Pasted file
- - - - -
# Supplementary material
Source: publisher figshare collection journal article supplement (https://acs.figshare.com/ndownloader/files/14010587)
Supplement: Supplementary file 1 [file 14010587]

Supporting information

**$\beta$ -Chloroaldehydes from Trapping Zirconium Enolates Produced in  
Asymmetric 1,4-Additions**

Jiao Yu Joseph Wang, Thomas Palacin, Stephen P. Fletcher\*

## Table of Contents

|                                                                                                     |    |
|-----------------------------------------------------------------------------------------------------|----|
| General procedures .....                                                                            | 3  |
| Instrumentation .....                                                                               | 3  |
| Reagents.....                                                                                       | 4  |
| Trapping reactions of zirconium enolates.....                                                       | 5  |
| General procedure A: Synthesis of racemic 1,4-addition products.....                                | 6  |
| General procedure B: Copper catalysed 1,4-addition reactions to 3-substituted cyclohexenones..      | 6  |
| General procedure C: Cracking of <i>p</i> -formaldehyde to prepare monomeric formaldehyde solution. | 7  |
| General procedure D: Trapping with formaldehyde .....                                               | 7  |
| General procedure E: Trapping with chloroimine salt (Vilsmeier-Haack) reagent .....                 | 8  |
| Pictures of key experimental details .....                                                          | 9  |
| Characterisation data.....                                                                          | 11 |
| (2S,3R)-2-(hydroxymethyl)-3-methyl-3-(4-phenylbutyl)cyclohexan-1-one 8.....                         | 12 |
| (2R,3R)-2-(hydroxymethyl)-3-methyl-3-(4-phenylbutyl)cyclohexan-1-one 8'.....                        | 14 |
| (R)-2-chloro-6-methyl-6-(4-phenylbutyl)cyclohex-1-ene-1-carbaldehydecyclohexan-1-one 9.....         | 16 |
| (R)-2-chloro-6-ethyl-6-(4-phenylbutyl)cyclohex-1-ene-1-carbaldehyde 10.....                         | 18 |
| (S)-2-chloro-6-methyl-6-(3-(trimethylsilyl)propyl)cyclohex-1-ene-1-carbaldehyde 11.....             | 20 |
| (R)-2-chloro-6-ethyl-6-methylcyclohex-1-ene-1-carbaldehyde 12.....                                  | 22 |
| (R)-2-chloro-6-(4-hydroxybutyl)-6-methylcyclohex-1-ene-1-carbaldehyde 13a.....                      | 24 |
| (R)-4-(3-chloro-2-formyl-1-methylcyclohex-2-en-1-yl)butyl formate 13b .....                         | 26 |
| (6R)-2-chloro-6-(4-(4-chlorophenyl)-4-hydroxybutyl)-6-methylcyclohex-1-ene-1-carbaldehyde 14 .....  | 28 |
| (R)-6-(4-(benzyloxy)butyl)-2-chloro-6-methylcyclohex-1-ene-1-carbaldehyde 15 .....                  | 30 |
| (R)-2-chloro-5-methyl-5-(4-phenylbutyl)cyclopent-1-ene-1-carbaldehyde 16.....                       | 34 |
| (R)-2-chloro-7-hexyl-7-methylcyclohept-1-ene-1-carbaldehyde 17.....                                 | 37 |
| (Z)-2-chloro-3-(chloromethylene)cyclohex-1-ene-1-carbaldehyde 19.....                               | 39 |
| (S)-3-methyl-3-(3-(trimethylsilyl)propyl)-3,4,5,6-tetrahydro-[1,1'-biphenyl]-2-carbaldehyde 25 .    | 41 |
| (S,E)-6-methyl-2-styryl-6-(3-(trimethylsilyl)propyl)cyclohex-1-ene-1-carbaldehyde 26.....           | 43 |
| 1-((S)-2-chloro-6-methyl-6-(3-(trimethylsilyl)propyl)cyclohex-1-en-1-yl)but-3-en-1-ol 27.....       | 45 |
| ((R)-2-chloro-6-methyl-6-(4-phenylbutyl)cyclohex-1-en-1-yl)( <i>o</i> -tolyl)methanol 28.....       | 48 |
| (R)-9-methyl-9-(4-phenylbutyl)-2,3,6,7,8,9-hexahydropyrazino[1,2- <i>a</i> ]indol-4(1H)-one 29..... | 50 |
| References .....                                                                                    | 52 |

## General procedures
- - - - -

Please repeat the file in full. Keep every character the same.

# Supplementary material
Source: publisher figshare collection journal article supplement (https://acs.figshare.com/ndownloader/files/14010587)
Supplement: Supplementary file 1 [file 14010587]

Supporting information

**$\beta$ -Chloroaldehydes from Trapping Zirconium Enolates Produced in  
Asymmetric 1,4-Additions**

Jiao Yu Joseph Wang, Thomas Palacin, Stephen P. Fletcher\*

## Table of Contents

|                                                                                                     |    |
|-----------------------------------------------------------------------------------------------------|----|
| General procedures .....                                                                            | 3  |
| Instrumentation .....                                                                               | 3  |
| Reagents.....                                                                                       | 4  |
| Trapping reactions of zirconium enolates.....                                                       | 5  |
| General procedure A: Synthesis of racemic 1,4-addition products.....                                | 6  |
| General procedure B: Copper catalysed 1,4-addition reactions to 3-substituted cyclohexenones..      | 6  |
| General procedure C: Cracking of <i>p</i> -formaldehyde to prepare monomeric formaldehyde solution. | 7  |
| General procedure D: Trapping with formaldehyde .....                                               | 7  |
| General procedure E: Trapping with chloroimine salt (Vilsmeier-Haack) reagent .....                 | 8  |
| Pictures of key experimental details .....                                                          | 9  |
| Characterisation data.....                                                                          | 11 |
| (2S,3R)-2-(hydroxymethyl)-3-methyl-3-(4-phenylbutyl)cyclohexan-1-one 8.....                         | 12 |
| (2R,3R)-2-(hydroxymethyl)-3-methyl-3-(4-phenylbutyl)cyclohexan-1-one 8'.....                        | 14 |
| (R)-2-chloro-6-methyl-6-(4-phenylbutyl)cyclohex-1-ene-1-carbaldehydecyclohexan-1-one 9.....         | 16 |
| (R)-2-chloro-6-ethyl-6-(4-phenylbutyl)cyclohex-1-ene-1-carbaldehyde 10.....                         | 18 |
| (S)-2-chloro-6-methyl-6-(3-(trimethylsilyl)propyl)cyclohex-1-ene-1-carbaldehyde 11.....             | 20 |
| (R)-2-chloro-6-ethyl-6-methylcyclohex-1-ene-1-carbaldehyde 12.....                                  | 22 |
| (R)-2-chloro-6-(4-hydroxybutyl)-6-methylcyclohex-1-ene-1-carbaldehyde 13a.....                      | 24 |
| (R)-4-(3-chloro-2-formyl-1-methylcyclohex-2-en-1-yl)butyl formate 13b .....                         | 26 |
| (6R)-2-chloro-6-(4-(4-chlorophenyl)-4-hydroxybutyl)-6-methylcyclohex-1-ene-1-carbaldehyde 14 .....  | 28 |
| (R)-6-(4-(benzyloxy)butyl)-2-chloro-6-methylcyclohex-1-ene-1-carbaldehyde 15 .....                  | 30 |
| (R)-2-chloro-5-methyl-5-(4-phenylbutyl)cyclopent-1-ene-1-carbaldehyde 16.....                       | 34 |
| (R)-2-chloro-7-hexyl-7-methylcyclohept-1-ene-1-carbaldehyde 17.....                                 | 37 |
| (Z)-2-chloro-3-(chloromethylene)cyclohex-1-ene-1-carbaldehyde 19.....                               | 39 |
| (S)-3-methyl-3-(3-(trimethylsilyl)propyl)-3,4,5,6-tetrahydro-[1,1'-biphenyl]-2-carbaldehyde 25 .    | 41 |
| (S,E)-6-methyl-2-styryl-6-(3-(trimethylsilyl)propyl)cyclohex-1-ene-1-carbaldehyde 26.....           | 43 |
| 1-((S)-2-chloro-6-methyl-6-(3-(trimethylsilyl)propyl)cyclohex-1-en-1-yl)but-3-en-1-ol 27.....       | 45 |
| ((R)-2-chloro-6-methyl-6-(4-phenylbutyl)cyclohex-1-en-1-yl)( <i>o</i> -tolyl)methanol 28.....       | 48 |
| (R)-9-methyl-9-(4-phenylbutyl)-2,3,6,7,8,9-hexahydropyrazino[1,2- <i>a</i> ]indol-4(1H)-one 29..... | 50 |
| References .....                                                                                    | 52 |

## General procedures